Archaeologists working in Oregon have uncovered a stone tool which seems to be way older than any previously documented site of human occupation in North America.

This June 6, 2013 photo provided by the University of Oregon Museum of Natural and Cultural History shows the Rimrock Draw Rockshelter archaelogical dig outside Riley, Ore. It is here that they found the tool now, in 2015. Photo: Patrick O’Grady, AP

When archaeologists date things, they use a relative law borrowed from geology, called the superposition law. The superposition law states that sedimentary layers are deposited in a time sequence, with the oldest on the bottom and the youngest on the top; in other words, the new stuff are at the surface, while the older things are buried more and more. But this law doesn’t always stand – especially in geology, many things can distort the natural setting, such as a volcano, a fault, or even just the movement of tectonic plates. Interestingly enough, in archaeology that law stands up more than geology, because we’re talking much thinner layers and much shorter periods of time (hundreds or thousands of years, as opposed to millions).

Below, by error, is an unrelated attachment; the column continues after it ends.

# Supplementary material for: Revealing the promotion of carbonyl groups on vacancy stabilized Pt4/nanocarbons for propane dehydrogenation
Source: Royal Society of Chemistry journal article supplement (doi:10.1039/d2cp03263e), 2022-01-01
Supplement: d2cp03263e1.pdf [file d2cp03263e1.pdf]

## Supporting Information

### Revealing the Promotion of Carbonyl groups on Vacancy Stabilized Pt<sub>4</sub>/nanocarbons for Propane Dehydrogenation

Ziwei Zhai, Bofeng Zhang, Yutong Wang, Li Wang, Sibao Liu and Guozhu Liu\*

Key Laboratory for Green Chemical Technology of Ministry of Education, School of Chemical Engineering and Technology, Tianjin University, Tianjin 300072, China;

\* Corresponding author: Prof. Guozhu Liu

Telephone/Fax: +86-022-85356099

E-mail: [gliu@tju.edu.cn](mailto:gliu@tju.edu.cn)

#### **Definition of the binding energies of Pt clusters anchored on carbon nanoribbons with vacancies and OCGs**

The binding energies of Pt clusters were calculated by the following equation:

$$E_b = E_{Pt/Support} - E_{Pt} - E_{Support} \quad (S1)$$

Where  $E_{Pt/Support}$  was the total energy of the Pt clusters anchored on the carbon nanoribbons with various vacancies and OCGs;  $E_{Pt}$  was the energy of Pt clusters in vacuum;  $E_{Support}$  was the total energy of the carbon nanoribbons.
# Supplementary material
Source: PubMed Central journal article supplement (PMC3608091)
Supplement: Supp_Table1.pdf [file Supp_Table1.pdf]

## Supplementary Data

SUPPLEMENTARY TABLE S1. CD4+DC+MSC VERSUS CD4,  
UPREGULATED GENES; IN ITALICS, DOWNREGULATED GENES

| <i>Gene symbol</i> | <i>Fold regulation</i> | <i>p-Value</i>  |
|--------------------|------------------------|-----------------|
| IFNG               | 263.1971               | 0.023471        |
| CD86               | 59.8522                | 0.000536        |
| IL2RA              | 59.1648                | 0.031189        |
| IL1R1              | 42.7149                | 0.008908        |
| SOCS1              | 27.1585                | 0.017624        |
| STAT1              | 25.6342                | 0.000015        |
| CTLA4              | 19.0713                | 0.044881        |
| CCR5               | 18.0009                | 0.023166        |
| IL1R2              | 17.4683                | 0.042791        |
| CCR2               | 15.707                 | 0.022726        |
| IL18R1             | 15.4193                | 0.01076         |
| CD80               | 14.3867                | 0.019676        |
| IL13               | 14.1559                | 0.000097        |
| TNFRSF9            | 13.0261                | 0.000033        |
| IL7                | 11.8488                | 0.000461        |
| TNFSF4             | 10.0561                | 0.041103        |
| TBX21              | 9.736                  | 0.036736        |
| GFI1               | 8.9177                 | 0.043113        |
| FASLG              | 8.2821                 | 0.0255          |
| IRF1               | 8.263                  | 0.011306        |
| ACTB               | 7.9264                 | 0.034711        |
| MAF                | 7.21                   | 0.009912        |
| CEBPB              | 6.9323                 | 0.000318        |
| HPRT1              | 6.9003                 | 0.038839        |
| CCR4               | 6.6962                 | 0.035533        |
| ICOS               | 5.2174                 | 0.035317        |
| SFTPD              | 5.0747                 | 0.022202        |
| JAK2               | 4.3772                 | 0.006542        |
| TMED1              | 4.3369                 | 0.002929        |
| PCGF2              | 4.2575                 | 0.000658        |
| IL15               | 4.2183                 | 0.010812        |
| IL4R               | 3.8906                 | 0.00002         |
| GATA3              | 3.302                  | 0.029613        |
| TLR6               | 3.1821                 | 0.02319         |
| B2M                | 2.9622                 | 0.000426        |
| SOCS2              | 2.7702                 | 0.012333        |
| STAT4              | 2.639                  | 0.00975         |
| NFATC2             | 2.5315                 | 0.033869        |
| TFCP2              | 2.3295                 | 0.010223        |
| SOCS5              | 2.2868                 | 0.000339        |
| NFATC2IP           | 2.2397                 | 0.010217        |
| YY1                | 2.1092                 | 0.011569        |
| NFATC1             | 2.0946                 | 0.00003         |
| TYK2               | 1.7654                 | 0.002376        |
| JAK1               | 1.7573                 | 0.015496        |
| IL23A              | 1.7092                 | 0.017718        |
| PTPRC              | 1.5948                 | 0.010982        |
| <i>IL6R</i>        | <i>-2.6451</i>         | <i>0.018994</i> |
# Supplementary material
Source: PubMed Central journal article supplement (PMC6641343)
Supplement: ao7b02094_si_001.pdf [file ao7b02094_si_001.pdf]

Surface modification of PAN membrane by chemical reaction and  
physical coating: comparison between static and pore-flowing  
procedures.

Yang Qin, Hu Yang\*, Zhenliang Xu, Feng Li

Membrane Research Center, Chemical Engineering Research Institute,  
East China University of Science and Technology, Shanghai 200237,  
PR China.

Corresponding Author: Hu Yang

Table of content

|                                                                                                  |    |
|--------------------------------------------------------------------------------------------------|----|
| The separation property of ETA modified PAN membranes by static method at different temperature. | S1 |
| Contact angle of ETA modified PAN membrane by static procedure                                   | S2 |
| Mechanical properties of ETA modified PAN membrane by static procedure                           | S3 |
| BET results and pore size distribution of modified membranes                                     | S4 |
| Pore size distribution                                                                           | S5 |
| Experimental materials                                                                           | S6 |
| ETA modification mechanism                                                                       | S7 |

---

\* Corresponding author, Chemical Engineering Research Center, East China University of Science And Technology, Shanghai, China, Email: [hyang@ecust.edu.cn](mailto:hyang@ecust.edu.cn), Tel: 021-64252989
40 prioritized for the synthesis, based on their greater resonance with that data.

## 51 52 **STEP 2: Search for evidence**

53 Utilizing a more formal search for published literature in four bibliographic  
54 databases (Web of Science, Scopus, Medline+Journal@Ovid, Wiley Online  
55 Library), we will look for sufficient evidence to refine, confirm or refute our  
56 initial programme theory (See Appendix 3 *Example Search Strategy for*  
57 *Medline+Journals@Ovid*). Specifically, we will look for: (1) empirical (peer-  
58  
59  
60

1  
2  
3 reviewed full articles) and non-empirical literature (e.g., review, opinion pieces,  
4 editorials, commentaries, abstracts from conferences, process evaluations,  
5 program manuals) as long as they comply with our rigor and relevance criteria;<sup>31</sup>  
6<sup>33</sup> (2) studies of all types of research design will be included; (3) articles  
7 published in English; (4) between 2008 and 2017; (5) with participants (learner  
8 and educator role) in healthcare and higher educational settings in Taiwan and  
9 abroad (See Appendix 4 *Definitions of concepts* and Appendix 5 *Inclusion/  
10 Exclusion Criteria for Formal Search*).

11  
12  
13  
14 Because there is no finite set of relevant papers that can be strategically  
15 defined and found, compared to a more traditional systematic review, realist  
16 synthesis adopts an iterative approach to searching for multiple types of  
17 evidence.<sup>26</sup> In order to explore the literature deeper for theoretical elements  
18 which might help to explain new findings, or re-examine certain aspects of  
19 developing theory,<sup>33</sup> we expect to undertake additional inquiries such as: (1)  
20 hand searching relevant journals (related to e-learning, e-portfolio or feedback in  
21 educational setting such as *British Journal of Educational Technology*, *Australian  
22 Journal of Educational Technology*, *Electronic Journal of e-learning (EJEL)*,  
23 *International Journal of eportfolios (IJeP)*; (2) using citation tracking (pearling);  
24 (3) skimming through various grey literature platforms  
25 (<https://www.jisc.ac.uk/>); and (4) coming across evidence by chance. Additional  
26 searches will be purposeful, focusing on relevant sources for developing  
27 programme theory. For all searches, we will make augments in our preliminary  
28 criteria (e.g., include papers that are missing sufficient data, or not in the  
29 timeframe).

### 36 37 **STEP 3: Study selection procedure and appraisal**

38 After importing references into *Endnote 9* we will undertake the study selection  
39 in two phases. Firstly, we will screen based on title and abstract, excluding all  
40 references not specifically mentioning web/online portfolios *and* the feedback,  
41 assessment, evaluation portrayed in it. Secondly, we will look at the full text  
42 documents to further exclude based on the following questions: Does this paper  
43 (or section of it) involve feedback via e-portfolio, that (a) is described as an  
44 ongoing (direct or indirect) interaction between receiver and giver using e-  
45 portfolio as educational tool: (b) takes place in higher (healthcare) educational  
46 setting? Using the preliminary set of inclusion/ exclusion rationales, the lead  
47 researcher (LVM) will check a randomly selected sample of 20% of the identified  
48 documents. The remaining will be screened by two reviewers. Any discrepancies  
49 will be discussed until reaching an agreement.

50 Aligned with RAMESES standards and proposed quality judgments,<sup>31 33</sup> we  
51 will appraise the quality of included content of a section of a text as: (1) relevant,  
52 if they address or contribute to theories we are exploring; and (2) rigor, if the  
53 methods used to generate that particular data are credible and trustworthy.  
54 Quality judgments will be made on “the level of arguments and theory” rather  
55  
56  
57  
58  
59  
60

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So when University of Oregon archaeologist Patrick O’Grady, who supervises the dig in Oregon, found a hand-held scraper chipped from a piece of orange agate he was ecstatic. Why? Because he found it under a layer of volcanic ash from an eruption of Mount St. Helens that has been dated to 15,800 years ago, which indicates that the tool is much older than that layer.

This undated photo provided by the University of Oregon Museum of Natural and Cultural History shows a scraper chipped out of agate found at an ancient rock shelter in the high desert of eastern Oregon. Photo credits: Photo: Patrick O’Grady, AP

There are two reasons to get excited about this: first of all, because the agate is not from the area – it’s not clear where exactly the agate was brought from, but it’s nowhere near the site; and second of all, the oldest known advanced human settlement in the area is the 13,000 year old Clovis culture.

“No one is going to believe this until it is shown there was no break in that ash layer, that the artifact could not have worked its way down from higher up, and until it is published in a convincing way,” he said. “Until then, extreme skepticism is all they are going to get.”

As a geologist, I do see some ways through which the tool may have been moved up, but it’s hard to emit a valid hypothesis without at least seeing the site. The first thing that comes to mind is a landslide, which may have relocated the tool and/or the ash layer. But if this is the case, you’d have to see all the higher layers also mixed up, so it should be fairly easy to notice. I can also imagine some scenarios where water carried it up, or more likely, where the tool was actually buried by someone who came around later. But who would bury it, or why? Those all questions which remain to be answered.